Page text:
The first floor provides a beautiful combination of books, paintings and sculpture. As I had limited time, I skipped the special exhibition of prints and photographs and simply cruised around, taking in as much as I could. I could access most of the floor but a few rooms and offices are marked Private for Members Only.
The first floor houses only a fraction of the Athenaeum’s collection of over 600,000 books and, I assume, of its art collection as well. But what I could see impressed me. In particular, the works of Bradley Phillips (1929 – 1991) knocked me out with their virtuoso use of pastels, a difficult medium.
In just this small space I saw numerous works of nineteenth and twentieth century art, including a John Singer Sargent portrait of George McCulloch, three works by Bradley Phillips, a portrait bust in marble by Daniel Chester French, several monumental sculptures, and a portrait of The Reverend Doctor Thaddeus Mason Harris by Chester Harding.
Why is the Rev. Dr. Harris interesting? Take Boston By Foot’s special tour in October and you’ll find out. He’s one of two reasons the Athenaeum is the first stop on next month’s Murder, Martyrs and Mysticism tour.
Now that I know what marvelous works this collection includes, I have to make a point of taking one of the Athenaeum’s guided tours so I can see even more. The library holds art and architecture tours that are open to the public on Tuesdays and Thursdays at 3:00 p.m.., Sundays at 1:00 p.m. and Mondays at 5:30 p.m. The tours last an hour and cover the architectural history of the building as well as the art collection.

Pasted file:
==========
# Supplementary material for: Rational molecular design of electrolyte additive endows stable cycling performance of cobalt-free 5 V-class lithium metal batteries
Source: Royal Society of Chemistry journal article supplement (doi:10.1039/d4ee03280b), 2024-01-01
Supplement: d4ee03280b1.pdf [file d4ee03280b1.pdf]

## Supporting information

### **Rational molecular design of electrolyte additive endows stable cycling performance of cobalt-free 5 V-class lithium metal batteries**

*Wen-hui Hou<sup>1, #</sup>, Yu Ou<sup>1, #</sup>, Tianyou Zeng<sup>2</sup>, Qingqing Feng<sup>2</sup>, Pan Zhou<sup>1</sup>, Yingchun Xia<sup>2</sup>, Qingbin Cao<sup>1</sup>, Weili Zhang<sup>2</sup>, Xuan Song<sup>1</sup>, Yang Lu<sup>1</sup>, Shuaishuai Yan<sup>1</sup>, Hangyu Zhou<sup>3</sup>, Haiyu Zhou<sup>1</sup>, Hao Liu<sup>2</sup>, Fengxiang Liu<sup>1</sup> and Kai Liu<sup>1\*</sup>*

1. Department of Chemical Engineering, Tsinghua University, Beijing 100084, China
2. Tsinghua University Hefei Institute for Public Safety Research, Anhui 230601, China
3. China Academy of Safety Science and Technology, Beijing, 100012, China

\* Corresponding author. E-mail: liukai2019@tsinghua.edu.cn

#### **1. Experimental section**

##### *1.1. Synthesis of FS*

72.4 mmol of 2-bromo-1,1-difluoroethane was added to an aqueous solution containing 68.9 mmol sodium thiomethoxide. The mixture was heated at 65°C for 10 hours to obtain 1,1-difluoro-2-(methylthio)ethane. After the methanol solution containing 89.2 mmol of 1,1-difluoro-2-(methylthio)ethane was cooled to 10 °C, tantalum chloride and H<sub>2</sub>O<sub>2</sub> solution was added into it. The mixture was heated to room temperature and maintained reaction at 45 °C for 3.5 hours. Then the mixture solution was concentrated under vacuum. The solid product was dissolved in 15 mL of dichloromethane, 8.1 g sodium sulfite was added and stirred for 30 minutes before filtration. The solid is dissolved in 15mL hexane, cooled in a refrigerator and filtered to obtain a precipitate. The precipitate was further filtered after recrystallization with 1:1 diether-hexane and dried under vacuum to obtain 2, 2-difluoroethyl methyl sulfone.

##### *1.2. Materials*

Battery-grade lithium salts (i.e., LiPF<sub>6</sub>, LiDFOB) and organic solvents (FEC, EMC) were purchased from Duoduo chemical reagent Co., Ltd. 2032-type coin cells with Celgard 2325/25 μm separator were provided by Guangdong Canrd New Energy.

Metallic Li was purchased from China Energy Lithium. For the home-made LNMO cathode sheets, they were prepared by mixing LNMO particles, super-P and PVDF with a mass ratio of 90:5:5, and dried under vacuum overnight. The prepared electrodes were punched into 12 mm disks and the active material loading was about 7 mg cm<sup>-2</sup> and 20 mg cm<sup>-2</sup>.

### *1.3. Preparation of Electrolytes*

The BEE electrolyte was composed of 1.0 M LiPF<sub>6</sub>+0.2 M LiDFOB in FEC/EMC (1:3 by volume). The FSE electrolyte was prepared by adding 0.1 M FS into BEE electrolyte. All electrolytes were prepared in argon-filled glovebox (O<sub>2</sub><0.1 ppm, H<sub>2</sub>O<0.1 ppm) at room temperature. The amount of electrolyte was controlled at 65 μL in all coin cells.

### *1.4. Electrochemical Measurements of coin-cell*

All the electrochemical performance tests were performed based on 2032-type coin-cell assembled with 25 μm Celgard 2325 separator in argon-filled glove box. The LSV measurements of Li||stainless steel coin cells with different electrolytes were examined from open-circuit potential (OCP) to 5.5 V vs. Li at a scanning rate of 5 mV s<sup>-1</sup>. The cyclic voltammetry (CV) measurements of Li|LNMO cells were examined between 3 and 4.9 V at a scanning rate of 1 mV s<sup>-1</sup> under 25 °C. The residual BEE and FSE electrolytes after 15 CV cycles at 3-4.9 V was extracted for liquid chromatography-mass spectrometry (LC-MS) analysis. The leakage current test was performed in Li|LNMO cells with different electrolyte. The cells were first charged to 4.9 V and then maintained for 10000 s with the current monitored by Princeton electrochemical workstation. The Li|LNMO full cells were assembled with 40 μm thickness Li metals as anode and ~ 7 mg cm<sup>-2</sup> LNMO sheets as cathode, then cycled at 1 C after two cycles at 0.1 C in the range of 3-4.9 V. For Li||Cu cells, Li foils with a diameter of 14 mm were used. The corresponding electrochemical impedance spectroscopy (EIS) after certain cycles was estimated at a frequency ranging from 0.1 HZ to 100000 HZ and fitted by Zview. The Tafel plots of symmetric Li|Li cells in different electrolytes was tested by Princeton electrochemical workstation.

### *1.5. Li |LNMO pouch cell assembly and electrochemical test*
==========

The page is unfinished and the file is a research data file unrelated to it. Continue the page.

If you want to take a tour, make a reservation (required) at 617-227-0270 ext. 221. The Athenaeum recommends booking a space a month in advance, particularly for Sunday tours.
Directions and Information
The Boston Athenaeum
10 ½ Beacon Street
Boston, MA 02108
You can find information on library hours and tour schedules on the Take a Tour page at the Athenaeum’s website. Directions, maps and information on parking are on the Plan Your Visit page.
Boston’s Hidden Gems
With 24 posts on Boston’s Hidden Gems, listing them all takes up too much room. You can find the list on The Next Phase Blog’s Posts About Boston page, along with all the other posts I have written about the city.
Great write ups on these places and I am going to have to make a point to explore some of them. One comment or perhaps question. Since I am an amateur photography enthusiasts so I bring my camera with me on these things with the intent of doing of a lot of photography. Certainly this isn’t a problem with places like observation decks. But what about places like Boston Athenaeum where their might be some restrictions on photography of some of their artwork and other displays? So I thought I would suggest adding a section to each of these write ups if you noted anything about photography being allowed or restricted in some way.
Good point, Patrick. I did take pictures in the Athenaeum and no one said boo. I just use an iPhone, though so it’s pretty unobtrusive. I don’t know how they would react to someone with a big camera. I often take pictures off the Internet because they’re better than anything I could capture.